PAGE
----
The Snow Queen: Won the Hugo?

fantasy and science fiction book reviewsJoan D. Vinge The Snow QueenThe Snow Queen by Joan D. Vinge

The Snow Queen, published in 1980, is Joan Vinge’s science fiction adaptation of Hans Christian Anderson’s fairy tale of the same name. In Vinge’s version, Anderson’s love story takes place on the planet Tiamat which is located near a black hole. Tiamat is a convenient rest stop for interstellar travelers and they often go down to the planet for respite or trade, but Tiamat also has its own special commodity: the Water of Life. This youth-preserving substance is made by killing a marine species found only on Tiamat and is available to rich travelers who are willing to leave their money or their technology behind. The “Winter” clan who governs Tiamat craves the technology that will make their life more comfortable, but the Hegemony, the real rulers of several worlds, keeps Tiamat (and, therefore, the Water of Life) in their control by restricting technological development.

The Snow Queen has been ruling Tiamat for the Winter clan for 150 years, but everything on Tiamat is about to change because the planet’s unusual orbit is nearing the phase where the black hole will become unstable, closing the planet to outside influence. At that time the planet’s relationship to its sun will also change, reverting Tiamat to its “Summer” ecology. As has been the tradition, the Summer clan will choose a Summer Queen who will sacrifice the Winter Queen and her consort and will rule for the next 150 years until the orbit changes again. The Summers are backward, superstitious, and hate technology. They also revere the sea creatures that the Snow Queen has been killing. Thus, the entire culture of Tiamat will be transformed when they are in power. But the Winter Queen is not ready to be sacrificed and she has a plan to keep her clan in power. It involves our protagonists, Moon and Sparks, a pair of teenage cousins and lovers who belong to the Summer clan.

Joan Vinge’s The Snow Queen won the Hugo Award for Best Novel in 1981 and I respect the opinion of several people I know who love it and claim it as one of their favorite science fiction novels. I, however, remain completely mystified. Perhaps if I had read it back in 1980 (except that I was too young) I would have appreciated it. After all, the novel has an ecological focus and its main characters are women — both of those features were unusual for science fiction novels of that era.

Vinge’s main characters may be women but most of them are pathetic. On the surface they seem to be strong, but those in power are either evil (e.g., The Snow Queen), unconfident because they’re women (e.g., Jerusha the police inspector) or are completely derailed by their love of a man (e.g., Moon). Fortunately, there are some admirable secondary female characters.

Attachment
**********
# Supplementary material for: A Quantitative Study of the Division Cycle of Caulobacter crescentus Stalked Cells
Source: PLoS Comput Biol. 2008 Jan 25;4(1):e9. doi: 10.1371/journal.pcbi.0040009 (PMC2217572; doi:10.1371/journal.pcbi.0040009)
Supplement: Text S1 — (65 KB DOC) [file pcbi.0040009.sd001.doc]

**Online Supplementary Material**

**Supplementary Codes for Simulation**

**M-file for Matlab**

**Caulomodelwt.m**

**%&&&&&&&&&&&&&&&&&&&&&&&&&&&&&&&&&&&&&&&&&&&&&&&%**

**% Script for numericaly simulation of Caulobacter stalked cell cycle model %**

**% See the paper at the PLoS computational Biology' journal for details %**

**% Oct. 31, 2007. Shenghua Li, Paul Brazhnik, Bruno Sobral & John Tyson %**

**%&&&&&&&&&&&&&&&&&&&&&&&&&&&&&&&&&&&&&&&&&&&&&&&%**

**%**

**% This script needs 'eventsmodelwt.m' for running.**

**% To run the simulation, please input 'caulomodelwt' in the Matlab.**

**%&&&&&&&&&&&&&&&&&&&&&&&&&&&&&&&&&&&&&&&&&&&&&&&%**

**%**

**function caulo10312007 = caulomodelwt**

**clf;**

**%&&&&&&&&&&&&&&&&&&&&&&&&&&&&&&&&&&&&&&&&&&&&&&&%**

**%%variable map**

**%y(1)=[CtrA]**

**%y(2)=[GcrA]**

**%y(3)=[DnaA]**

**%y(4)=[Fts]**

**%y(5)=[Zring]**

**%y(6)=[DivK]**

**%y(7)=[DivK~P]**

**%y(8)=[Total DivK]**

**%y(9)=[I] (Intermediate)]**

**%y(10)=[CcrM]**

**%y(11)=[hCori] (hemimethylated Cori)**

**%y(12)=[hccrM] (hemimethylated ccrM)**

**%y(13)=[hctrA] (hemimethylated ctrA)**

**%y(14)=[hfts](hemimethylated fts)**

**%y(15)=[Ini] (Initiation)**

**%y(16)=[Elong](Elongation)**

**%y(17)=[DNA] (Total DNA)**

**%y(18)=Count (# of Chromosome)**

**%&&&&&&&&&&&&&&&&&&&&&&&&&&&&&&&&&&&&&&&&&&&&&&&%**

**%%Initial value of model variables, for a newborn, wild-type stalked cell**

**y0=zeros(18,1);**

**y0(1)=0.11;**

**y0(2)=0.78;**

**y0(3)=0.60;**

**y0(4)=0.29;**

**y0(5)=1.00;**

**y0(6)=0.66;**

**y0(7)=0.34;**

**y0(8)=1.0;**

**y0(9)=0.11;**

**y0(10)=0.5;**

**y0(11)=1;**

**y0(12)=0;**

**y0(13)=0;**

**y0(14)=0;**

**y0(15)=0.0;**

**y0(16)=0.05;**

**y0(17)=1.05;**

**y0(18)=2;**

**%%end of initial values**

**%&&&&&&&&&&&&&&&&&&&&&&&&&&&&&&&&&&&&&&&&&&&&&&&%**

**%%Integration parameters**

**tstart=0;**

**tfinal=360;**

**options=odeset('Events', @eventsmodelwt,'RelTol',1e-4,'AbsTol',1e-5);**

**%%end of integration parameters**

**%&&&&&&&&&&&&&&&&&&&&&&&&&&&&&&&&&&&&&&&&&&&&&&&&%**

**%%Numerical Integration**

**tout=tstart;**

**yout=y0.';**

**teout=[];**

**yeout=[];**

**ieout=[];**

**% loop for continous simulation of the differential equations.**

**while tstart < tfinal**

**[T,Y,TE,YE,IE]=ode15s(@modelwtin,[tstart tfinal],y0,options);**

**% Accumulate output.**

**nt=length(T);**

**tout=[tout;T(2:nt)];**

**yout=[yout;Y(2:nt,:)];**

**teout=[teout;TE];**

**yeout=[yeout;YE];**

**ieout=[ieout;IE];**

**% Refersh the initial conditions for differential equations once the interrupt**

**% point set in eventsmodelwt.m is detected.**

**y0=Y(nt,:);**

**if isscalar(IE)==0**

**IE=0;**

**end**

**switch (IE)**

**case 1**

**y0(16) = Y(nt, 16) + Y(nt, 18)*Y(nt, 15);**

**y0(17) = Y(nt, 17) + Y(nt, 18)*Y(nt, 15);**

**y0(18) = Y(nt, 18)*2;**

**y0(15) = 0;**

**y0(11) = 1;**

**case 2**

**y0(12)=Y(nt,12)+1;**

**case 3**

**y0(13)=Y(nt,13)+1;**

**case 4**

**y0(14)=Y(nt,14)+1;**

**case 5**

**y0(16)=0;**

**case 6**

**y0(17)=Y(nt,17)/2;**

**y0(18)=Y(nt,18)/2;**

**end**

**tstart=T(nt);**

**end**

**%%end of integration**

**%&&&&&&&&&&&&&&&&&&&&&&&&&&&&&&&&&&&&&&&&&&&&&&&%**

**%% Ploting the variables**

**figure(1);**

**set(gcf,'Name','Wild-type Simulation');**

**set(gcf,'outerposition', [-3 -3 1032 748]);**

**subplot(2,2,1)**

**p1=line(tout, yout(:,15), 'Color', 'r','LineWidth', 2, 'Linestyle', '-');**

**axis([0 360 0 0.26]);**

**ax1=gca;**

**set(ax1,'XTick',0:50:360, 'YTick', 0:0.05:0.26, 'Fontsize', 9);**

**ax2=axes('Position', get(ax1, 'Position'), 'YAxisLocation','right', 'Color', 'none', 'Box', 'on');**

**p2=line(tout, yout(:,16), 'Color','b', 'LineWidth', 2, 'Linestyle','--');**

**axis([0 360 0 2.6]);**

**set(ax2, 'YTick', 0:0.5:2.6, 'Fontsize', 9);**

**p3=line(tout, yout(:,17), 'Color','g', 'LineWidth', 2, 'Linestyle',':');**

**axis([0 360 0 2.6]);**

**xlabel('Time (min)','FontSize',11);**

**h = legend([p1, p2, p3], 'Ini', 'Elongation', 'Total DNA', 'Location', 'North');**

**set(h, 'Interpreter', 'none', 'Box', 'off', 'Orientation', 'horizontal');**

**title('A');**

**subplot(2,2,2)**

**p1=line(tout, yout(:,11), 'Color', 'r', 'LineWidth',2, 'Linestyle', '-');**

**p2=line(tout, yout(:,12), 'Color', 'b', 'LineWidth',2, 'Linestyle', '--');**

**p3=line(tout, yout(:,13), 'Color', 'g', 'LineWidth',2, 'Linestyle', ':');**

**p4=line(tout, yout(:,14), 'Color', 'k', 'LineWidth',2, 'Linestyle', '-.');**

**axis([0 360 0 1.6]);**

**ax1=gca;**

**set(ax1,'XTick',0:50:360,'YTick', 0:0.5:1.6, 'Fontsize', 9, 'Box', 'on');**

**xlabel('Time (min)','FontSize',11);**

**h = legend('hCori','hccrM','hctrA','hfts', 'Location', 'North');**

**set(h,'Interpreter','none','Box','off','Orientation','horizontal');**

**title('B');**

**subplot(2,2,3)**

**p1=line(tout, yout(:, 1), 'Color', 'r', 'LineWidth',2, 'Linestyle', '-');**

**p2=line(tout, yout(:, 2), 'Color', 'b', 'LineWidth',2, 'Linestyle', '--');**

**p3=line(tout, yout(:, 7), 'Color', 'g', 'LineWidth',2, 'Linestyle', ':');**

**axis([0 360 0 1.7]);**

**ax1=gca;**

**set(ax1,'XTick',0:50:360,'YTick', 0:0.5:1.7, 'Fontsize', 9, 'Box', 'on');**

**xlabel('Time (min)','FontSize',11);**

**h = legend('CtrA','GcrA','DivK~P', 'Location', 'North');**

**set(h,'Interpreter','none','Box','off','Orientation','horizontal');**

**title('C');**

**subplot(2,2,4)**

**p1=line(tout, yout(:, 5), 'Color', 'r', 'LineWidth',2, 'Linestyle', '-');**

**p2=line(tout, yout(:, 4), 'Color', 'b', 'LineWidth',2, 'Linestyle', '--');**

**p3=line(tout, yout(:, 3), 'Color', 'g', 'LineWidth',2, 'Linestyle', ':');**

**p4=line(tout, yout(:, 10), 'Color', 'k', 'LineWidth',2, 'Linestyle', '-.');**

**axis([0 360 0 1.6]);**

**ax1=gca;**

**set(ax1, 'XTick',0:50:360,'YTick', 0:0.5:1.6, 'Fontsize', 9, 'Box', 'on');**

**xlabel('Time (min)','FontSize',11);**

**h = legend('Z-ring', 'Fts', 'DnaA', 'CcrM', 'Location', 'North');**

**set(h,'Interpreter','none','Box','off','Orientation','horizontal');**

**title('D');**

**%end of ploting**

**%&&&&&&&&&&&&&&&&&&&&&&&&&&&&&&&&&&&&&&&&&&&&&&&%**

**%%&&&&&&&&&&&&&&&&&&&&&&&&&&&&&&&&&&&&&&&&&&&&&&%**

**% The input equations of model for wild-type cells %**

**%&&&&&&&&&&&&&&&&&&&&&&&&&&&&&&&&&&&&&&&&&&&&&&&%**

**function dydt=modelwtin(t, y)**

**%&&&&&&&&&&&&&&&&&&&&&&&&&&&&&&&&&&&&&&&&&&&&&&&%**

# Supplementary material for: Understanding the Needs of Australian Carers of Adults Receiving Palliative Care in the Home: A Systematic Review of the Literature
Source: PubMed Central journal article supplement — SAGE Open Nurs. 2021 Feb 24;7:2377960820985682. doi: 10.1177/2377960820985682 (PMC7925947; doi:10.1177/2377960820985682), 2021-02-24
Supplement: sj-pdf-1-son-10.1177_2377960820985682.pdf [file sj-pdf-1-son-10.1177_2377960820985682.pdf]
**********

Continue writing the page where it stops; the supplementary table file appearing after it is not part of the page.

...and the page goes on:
I had a couple of major issues with The Snow Queen. The first is that I had a hard time believing in Vinge’s world. The black hole, orbit and ecology change is a clever setup, and there were other clever features which I can’t explain without spoiling the plot, but I didn’t really believe in the Summer/Winter dichotomy and that any rulers could ever expect such a governmental and cultural transition to be successful. Along with this, I didn’t believe that the Winters, with 150 years worth of technology to study (and immortality besides) couldn’t figure out how to replicate, or create their own, technology, even if they had to keep it hidden from the Hegemony.

But what I disliked most about The Snow Queen was the protagonists, Moon and Sparks. Biologically they are cousins, they were raised as twin siblings by their grandmother, and they became lovers as children. YUCK. It’s really hard to root for their love affair, upon which the entire foundation of the plot rests — The Snow Queen is, after all, a love story at heart. I could not get past the incest or the sick single-minded blind devotion to each other. In addition, besides the weird relationship, I found both characters hard to like. They were sulky, self-absorbed, and impetuous. Sparks brooded for the entire story. Moon was better, but still did not display enough loveable qualities to explain why everyone thought she was a saint. Yet nearly every character either fell in love with her or announced that she had profoundly changed their life. I didn’t get it and this eventually ruined the story for me.

I listened to Audible Frontiers’ version of The Snow Queen which was read by Ellen Archer. At first her narration is plodding — lacking the right rhythm to effortlessly carry the listener along — but this resolves about 1/3 of the way through. I’m not enamored of Ms. Archer’s Irish accents — they just don’t seem to fit the story — but other listeners may feel differently.